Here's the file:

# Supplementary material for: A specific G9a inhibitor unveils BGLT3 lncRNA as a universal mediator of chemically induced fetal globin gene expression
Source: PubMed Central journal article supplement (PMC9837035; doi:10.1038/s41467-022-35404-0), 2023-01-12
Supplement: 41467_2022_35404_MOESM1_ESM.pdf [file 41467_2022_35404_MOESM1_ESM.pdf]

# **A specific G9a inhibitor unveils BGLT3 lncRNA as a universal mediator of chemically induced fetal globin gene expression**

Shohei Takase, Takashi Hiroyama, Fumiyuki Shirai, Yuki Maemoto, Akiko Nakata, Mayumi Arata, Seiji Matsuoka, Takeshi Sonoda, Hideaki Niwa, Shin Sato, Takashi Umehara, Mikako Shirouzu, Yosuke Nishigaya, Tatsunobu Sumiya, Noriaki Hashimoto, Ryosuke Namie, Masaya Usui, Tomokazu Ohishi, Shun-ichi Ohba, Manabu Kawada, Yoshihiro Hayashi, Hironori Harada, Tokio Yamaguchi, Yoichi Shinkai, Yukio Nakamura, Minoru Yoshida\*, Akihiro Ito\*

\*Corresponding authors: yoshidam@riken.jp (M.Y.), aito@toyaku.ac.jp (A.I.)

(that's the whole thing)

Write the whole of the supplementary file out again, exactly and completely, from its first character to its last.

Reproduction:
# Supplementary material for: A specific G9a inhibitor unveils BGLT3 lncRNA as a universal mediator of chemically induced fetal globin gene expression
Source: PubMed Central journal article supplement (PMC9837035; doi:10.1038/s41467-022-35404-0), 2023-01-12
Supplement: 41467_2022_35404_MOESM1_ESM.pdf [file 41467_2022_35404_MOESM1_ESM.pdf]

# **A specific G9a inhibitor unveils BGLT3 lncRNA as a universal mediator of chemically induced fetal globin gene expression**

Shohei Takase, Takashi Hiroyama, Fumiyuki Shirai, Yuki Maemoto, Akiko Nakata, Mayumi Arata, Seiji Matsuoka, Takeshi Sonoda, Hideaki Niwa, Shin Sato, Takashi Umehara, Mikako Shirouzu, Yosuke Nishigaya, Tatsunobu Sumiya, Noriaki Hashimoto, Ryosuke Namie, Masaya Usui, Tomokazu Ohishi, Shun-ichi Ohba, Manabu Kawada, Yoshihiro Hayashi, Hironori Harada, Tokio Yamaguchi, Yoichi Shinkai, Yukio Nakamura, Minoru Yoshida\*, Akihiro Ito\*

\*Corresponding authors: yoshidam@riken.jp (M.Y.), aito@toyaku.ac.jp (A.I.)